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Taking a Step Forward in Fusion Energy Tech

The Korean artificial sun, known as KSTAR, recently set a new record for plasma operation time. This achievement came shortly after it received upgrades to its diverters, which are critical components that come into contact with the plasma, by switching to tungsten monoblocks.

The Korea Institute of Fusion Energy (KFE) reported that during its latest plasma campaign, which lasted from December 2023 to February 2024, it was able to maintain plasma at the incredibly high temperature of 100 million degrees Celsius for 48 seconds. Furthermore, KSTAR reached a high confinement mode (H-mode), a state crucial for efficient fusion, for more than 100 seconds, marking a significant milestone in fusion energy research.

To make fusion energy a reality, we need to master the tech that can keep plasmas—where fusion reactions happen most intensely—at high temperatures and densities for extended periods. That’s why fusion researchers, including those working with machines like KSTAR, are doing a ton of experiments with different plasma setups to nail this down.

KSTAR, a cutting-edge superconducting tokamak, is at the forefront of research into long-duration plasma operations. Back in 2018, KSTAR hit a groundbreaking milestone by heating plasma up to 100 million degrees Celsius for the first time. Pushing the envelope further, in 2021, it set another record by maintaining plasma at this blistering ion temperature of 100 million degrees for a full 30 seconds.

In their most recent experiment series, the team behind KSTAR really knocked it out of the park by keeping their plasma—the ultra-hot stuff where all the fusion magic happens—going strong for 48 whole seconds at an eye-watering ion temperature of 100 million degrees. How did they pull off this stellar feat? By giving their plasma heating systems a major upgrade and getting smarter about how they manage and control plasma that’s hotter than the center of the sun. Thanks to these smart moves, they’ve set a new world record for keeping plasma this hot, this long. It’s like setting a new speed record in space travel, but for fusion energy.

Additionally, the KSTAR research group expertly managed to sustain the high confinement mode, or H-mode, for an uninterrupted span of 102 seconds. This particular mode is fundamental for maintaining plasma states at both high temperatures and densities. A key factor in achieving this was the strategic update made to KSTAR’s divertors in 2023, transitioning them to tungsten material. When compared to the former carbon-based divertors, the new tungsten divertors demonstrated a mere 25% increase in surface temperature when subjected to equivalent heat loads. This improvement is critical, offering substantial benefits for operations that require long-duration pulses at high heating capacities.

Through their meticulous experiments, the team behind KSTAR has conclusively demonstrated the efficacy of transitioning to tungsten divertors, confirming their operational success. Additionally, they have verified that critical aspects of KSTAR, including the heating, diagnostic, and control systems, have upheld the system reliability essential for extended plasma operations.

Dr. Si-Woo Yoon, the brains behind the KSTAR Research Center, couldn’t hide his enthusiasm when he said, “Despite being the first experiment run in the environment of the new tungsten divertors, thorough hardware testing and campaign preparation enabled us to achieve results surpassing those of previous KSTAR records in a short period.” He was keen to point out that this was just the beginning, adding, “To achieve the ultimate goal of KSTAR operation, we plan to sequentially enhance the performance of heating and current drive devices and also secure the core technologies required for long-pulse high performance plasma operations.” It’s clear that the team is on an upward trajectory, with their eyes set firmly on the prize of making fusion energy not just a dream, but a reality.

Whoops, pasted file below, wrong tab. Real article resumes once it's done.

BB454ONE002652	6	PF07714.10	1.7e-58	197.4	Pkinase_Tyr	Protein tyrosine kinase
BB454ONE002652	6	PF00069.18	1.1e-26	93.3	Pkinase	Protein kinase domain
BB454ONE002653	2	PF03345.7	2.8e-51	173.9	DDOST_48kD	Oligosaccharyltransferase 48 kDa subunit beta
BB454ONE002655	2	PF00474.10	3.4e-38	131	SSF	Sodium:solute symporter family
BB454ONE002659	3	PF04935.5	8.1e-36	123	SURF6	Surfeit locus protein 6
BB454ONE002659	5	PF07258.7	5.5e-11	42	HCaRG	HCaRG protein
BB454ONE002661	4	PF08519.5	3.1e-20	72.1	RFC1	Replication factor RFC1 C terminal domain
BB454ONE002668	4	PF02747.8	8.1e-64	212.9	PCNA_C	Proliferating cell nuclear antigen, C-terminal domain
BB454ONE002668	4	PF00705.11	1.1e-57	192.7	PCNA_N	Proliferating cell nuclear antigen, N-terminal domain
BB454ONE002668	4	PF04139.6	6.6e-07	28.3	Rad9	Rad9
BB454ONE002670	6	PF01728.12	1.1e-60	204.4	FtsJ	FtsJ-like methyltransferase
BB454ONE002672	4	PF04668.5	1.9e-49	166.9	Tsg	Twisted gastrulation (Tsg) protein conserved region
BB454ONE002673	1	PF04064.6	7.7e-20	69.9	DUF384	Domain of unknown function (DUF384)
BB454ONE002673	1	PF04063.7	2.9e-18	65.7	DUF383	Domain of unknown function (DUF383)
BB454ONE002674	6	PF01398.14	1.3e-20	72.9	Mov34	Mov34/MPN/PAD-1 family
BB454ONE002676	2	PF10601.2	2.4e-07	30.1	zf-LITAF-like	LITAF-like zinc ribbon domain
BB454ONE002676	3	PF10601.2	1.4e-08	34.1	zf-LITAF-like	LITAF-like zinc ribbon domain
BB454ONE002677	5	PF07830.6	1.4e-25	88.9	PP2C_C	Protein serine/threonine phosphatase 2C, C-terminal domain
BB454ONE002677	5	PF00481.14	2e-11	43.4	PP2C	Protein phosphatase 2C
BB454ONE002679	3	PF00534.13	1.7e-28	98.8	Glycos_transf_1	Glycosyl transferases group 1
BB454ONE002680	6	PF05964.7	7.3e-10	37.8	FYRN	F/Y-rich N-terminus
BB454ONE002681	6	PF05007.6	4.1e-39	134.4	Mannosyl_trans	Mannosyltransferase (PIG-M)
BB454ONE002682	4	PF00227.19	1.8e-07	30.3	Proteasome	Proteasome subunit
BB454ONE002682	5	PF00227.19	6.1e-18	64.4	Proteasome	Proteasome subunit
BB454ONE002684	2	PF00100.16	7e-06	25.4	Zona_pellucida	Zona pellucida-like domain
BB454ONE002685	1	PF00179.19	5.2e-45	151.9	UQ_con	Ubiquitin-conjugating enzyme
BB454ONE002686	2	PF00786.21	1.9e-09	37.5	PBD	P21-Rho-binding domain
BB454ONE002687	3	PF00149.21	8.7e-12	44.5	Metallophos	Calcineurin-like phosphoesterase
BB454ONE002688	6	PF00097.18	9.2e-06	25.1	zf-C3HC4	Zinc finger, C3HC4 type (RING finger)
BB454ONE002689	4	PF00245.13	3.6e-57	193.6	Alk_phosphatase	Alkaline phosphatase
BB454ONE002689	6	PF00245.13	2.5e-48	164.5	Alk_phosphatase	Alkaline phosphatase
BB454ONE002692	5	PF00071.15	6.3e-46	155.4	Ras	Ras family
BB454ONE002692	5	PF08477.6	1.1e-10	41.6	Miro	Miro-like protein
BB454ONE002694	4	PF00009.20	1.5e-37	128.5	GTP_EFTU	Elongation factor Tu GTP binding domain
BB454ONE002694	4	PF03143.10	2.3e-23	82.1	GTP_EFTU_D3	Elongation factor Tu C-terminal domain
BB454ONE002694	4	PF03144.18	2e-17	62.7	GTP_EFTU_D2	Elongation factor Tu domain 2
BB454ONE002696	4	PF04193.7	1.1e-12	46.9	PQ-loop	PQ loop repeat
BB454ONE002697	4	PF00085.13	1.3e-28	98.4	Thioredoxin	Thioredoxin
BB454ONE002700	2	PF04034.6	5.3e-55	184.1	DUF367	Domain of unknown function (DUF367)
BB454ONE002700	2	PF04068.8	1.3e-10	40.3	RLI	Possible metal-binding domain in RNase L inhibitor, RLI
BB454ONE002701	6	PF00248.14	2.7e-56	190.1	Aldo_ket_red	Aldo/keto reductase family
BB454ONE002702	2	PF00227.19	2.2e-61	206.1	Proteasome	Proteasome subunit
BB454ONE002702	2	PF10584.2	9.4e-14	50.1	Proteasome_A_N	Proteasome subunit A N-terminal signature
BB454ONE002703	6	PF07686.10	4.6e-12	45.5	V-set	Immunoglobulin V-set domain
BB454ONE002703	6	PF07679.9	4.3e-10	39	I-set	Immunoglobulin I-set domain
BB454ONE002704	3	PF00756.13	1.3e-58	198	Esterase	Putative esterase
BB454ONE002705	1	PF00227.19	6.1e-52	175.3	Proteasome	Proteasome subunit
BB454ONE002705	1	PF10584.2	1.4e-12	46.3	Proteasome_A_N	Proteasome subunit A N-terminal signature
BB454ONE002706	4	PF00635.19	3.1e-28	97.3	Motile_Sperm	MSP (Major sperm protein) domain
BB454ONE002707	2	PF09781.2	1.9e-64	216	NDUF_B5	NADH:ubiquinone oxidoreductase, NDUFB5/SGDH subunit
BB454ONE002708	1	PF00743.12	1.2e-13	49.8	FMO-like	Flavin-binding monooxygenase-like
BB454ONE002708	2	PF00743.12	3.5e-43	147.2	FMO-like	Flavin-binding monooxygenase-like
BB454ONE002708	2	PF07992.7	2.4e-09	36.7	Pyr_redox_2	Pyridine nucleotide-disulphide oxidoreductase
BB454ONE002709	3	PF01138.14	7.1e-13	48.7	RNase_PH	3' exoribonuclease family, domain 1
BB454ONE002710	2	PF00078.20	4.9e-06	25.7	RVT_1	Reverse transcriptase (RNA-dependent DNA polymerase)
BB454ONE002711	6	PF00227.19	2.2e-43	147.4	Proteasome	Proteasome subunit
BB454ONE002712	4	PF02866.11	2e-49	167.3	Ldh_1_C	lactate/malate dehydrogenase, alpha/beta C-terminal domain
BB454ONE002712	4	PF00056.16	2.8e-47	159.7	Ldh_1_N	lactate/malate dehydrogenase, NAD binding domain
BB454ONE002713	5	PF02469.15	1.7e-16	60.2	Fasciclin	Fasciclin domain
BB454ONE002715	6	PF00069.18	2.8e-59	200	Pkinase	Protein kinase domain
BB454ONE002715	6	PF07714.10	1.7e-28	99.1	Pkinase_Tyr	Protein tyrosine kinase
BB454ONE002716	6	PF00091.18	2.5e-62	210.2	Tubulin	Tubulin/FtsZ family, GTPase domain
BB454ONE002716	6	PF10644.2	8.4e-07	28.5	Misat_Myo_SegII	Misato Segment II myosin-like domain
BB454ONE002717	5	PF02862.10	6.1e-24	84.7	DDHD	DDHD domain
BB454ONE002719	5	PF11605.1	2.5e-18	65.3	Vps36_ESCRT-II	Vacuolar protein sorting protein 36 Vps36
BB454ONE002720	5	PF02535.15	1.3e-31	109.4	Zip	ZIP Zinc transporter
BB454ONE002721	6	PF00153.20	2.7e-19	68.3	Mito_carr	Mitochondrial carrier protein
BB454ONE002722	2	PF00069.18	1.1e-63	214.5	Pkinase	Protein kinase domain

The overarching objective for KSTAR is to attain an impressive duration of plasma activity — specifically, maintaining it for 300 seconds at ion temperatures exceeding 100 million degrees. To reach this ambitious target, the KSTAR team has dedicated its efforts towards pivotal research domains and the enhancement of device functionalities. Essential steps towards this goal encompass the integration of more tungsten components that directly interact with the plasma and the adoption of cutting-edge artificial intelligence technology for real-time feedback control. These advancements are crucial for refining the performance and capabilities of the device.

Dr. Suk Jae Yoo the President of KFE, said “this research is a green light for acquiring core technologies required for the fusion DEMO reactor (and) we will do our best to secure core technologies essential for the operation of ITER and the construction of future DEMO reactors.”

Alright, so here’s the scoop in a way that’s easy to get. The brainy folks working on the KSTAR project, alongside some sharp minds from PPPL in the USA, figured out a pretty nifty trick using KSTAR’s outer magnetic rings. They cooked up a plan, an error field (EF) optimization model, to keep things stable inside the plasma, right where all the action happens. You know, keeping the wild and rowdy bits from causing too much of a ruckus both at the edge and smack dab in the middle. They ran a bunch of tests and simulations to make sure their idea was solid. And guess what? It was so good they even got to brag about it in “Nature Communications” in February 2024, calling their work “Tailoring tokamak error fields to control plasma instabilities and transport.” In simpler terms, they found a way to smooth out the rough edges in the plasma, making it more stable and easier to work with. Pretty cool, huh?

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